Motion Sensor Outdoor Ceiling Light Part
Motion Sensor Outdoor Ceiling Light is a very popular category of lighting. They are available in several designs, such as switch lamps. Hanging lights, chandeliers, candle holders or recessed ceiling lamps that are available in many kitchens. While the lights themselves may be different, most fashioned uses many of the same components. Here are some examples of ceiling parts. Many ceiling lights especially switch lights, retro or antique crystal chandeliers can be equipped with shades made of paper, glass, plastic or fabric. If so, the shadow is supported from above on a metal frame installed above the socket (s). The bottom of the shadow is open and directs the lighting straight down.
Lines and Sockets
Each Motion Sensor Outdoor Ceiling Light requires some type of wire to connect the luminaire to the power source. All socket types accept bulbs with threaded bases. Shop lights and recessed ceiling lights often use dual pin sockets to accommodate the fluorescent lamps normally used in these two fixture types. Swag lamps and chandeliers are suspended chains hanging from the ceiling. Certain hanging lamps and many chandeliers use chains strictly as decorative accents. Chandeliers often use chains made of glass beads. Many store lamps are also suspended chains located near the ends of the fixture. The chains can be painted or finished in a light brass.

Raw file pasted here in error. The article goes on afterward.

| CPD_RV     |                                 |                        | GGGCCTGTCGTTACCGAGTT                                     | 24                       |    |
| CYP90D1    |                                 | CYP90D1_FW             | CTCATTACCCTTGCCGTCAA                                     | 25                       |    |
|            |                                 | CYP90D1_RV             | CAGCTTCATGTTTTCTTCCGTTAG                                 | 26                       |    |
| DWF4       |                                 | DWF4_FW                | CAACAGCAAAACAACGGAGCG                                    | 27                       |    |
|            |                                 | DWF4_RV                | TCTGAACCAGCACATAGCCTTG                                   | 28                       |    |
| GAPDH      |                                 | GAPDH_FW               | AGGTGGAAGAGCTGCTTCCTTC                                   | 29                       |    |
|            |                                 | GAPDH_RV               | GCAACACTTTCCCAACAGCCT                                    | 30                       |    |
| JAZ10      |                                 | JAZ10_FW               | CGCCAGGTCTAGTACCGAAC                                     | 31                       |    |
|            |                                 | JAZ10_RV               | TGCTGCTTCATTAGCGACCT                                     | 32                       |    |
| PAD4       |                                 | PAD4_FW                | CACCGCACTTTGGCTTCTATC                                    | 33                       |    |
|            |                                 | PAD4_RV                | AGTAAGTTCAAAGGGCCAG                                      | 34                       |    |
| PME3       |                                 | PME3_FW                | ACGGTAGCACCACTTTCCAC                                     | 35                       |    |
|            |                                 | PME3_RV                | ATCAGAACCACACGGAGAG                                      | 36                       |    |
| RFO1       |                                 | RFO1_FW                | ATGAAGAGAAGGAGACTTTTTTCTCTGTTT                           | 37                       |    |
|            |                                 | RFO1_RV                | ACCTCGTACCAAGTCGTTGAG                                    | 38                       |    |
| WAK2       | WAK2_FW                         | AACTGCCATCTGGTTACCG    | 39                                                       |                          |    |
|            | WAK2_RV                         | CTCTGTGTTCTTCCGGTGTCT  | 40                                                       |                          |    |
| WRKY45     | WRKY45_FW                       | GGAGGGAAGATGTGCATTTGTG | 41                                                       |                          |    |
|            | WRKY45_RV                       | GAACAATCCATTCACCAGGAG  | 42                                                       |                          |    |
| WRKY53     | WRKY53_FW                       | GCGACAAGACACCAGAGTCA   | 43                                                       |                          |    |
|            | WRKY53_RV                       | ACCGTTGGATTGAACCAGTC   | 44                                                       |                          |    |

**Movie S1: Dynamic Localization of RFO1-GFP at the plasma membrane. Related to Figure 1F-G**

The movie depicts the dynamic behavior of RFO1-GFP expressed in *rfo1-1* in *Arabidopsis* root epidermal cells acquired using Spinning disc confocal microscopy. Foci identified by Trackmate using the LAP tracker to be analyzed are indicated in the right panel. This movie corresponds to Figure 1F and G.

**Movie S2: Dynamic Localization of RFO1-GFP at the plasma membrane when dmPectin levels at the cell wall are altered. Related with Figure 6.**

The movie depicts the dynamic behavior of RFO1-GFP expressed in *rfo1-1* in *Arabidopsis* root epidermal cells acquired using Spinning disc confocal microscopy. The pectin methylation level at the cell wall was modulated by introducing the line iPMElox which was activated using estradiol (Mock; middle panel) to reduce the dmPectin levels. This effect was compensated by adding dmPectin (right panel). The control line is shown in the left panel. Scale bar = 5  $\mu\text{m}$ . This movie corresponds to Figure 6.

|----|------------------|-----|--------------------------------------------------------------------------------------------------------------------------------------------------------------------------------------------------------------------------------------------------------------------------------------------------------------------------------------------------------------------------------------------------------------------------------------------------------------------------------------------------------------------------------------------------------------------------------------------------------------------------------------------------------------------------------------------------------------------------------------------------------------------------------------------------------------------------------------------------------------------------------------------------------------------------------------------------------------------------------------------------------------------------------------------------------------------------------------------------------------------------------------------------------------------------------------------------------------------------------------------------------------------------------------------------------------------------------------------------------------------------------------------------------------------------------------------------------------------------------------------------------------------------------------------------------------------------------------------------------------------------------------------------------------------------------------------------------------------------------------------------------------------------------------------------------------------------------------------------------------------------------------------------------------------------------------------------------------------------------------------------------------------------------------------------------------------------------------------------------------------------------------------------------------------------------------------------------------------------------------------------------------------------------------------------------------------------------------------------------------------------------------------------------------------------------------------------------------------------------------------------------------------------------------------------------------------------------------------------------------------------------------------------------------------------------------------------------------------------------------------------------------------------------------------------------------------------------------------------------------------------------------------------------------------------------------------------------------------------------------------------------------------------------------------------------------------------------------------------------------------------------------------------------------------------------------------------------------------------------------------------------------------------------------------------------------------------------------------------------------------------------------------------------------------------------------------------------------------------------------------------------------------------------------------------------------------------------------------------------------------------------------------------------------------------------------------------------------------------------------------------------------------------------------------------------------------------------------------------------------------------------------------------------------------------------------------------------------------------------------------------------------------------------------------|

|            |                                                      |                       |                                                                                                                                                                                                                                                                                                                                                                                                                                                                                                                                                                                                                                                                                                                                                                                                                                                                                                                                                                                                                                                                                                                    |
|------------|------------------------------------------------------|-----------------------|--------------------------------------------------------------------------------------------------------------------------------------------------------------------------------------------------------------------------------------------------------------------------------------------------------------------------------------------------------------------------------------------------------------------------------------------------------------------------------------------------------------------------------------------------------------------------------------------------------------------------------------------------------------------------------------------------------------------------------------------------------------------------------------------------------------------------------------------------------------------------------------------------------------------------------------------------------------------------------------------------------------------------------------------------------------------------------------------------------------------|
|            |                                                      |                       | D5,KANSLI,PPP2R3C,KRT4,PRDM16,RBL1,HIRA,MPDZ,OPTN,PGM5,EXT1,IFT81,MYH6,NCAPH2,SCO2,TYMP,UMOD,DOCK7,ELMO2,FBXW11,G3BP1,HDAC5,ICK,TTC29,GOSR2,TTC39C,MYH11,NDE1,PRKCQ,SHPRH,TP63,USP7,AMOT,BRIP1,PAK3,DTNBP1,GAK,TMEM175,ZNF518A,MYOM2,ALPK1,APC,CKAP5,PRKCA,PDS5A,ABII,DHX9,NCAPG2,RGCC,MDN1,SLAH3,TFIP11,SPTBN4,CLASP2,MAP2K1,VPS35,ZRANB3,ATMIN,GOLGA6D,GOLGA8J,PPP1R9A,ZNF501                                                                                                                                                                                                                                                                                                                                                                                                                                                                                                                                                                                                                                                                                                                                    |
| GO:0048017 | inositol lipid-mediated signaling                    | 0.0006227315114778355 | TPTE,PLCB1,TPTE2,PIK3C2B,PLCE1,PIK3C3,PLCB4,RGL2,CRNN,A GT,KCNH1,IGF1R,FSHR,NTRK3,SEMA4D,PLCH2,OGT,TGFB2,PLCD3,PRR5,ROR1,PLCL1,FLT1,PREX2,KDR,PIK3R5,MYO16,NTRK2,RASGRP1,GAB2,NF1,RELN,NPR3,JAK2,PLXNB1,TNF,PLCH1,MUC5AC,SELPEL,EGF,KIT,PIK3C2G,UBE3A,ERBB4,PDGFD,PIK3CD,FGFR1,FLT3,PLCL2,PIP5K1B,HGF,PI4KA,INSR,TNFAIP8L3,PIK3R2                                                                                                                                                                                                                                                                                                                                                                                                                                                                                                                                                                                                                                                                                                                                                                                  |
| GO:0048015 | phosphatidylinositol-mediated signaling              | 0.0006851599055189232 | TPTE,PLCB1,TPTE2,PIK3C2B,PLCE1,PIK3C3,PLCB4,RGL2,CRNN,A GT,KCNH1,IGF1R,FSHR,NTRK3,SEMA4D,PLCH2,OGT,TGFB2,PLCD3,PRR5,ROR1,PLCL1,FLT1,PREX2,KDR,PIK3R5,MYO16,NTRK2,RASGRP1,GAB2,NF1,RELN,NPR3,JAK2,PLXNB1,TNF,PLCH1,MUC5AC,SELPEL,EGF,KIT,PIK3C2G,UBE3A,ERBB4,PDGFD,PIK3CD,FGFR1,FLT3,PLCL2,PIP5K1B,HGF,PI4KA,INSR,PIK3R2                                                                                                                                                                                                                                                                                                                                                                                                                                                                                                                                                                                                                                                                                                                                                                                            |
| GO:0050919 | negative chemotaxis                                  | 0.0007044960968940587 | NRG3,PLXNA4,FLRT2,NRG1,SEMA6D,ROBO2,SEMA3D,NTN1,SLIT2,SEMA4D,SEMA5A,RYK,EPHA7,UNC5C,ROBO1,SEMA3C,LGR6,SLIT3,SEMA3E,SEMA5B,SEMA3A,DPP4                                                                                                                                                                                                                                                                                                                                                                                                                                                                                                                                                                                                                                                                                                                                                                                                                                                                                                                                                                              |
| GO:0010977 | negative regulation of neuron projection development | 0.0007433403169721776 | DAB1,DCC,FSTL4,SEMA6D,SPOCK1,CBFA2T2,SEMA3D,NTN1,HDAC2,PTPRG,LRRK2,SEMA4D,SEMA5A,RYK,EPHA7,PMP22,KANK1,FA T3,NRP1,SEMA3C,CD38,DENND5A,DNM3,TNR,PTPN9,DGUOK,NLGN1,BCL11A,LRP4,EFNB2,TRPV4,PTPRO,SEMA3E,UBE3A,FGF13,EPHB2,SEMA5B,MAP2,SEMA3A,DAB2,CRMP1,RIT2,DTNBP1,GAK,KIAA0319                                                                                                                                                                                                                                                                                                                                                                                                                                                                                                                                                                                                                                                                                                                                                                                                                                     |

In addition to beaded glass chains, many skylights use glass screens, glass diffusers, caps and globes to add decorative details, reduce glare. The glass may be colored, frosted, cut and etched or clear. An example of a ceiling fixture with colored glass shades is the 3-luminaires usually hung directly above a pool table. Their shades are made of green glass. While the wall switch controls many ceiling lights, some have gears built into the fixture itself. A small chandelier mounted over a dining table, or a switch lamp can be controlled with a zipper switch. Other switch Motion Sensor Outdoor Ceiling Light is equipped with in-line switches mounted directly on the power cord. They are usually near the power cord connector, which is plugged into a wall outlet.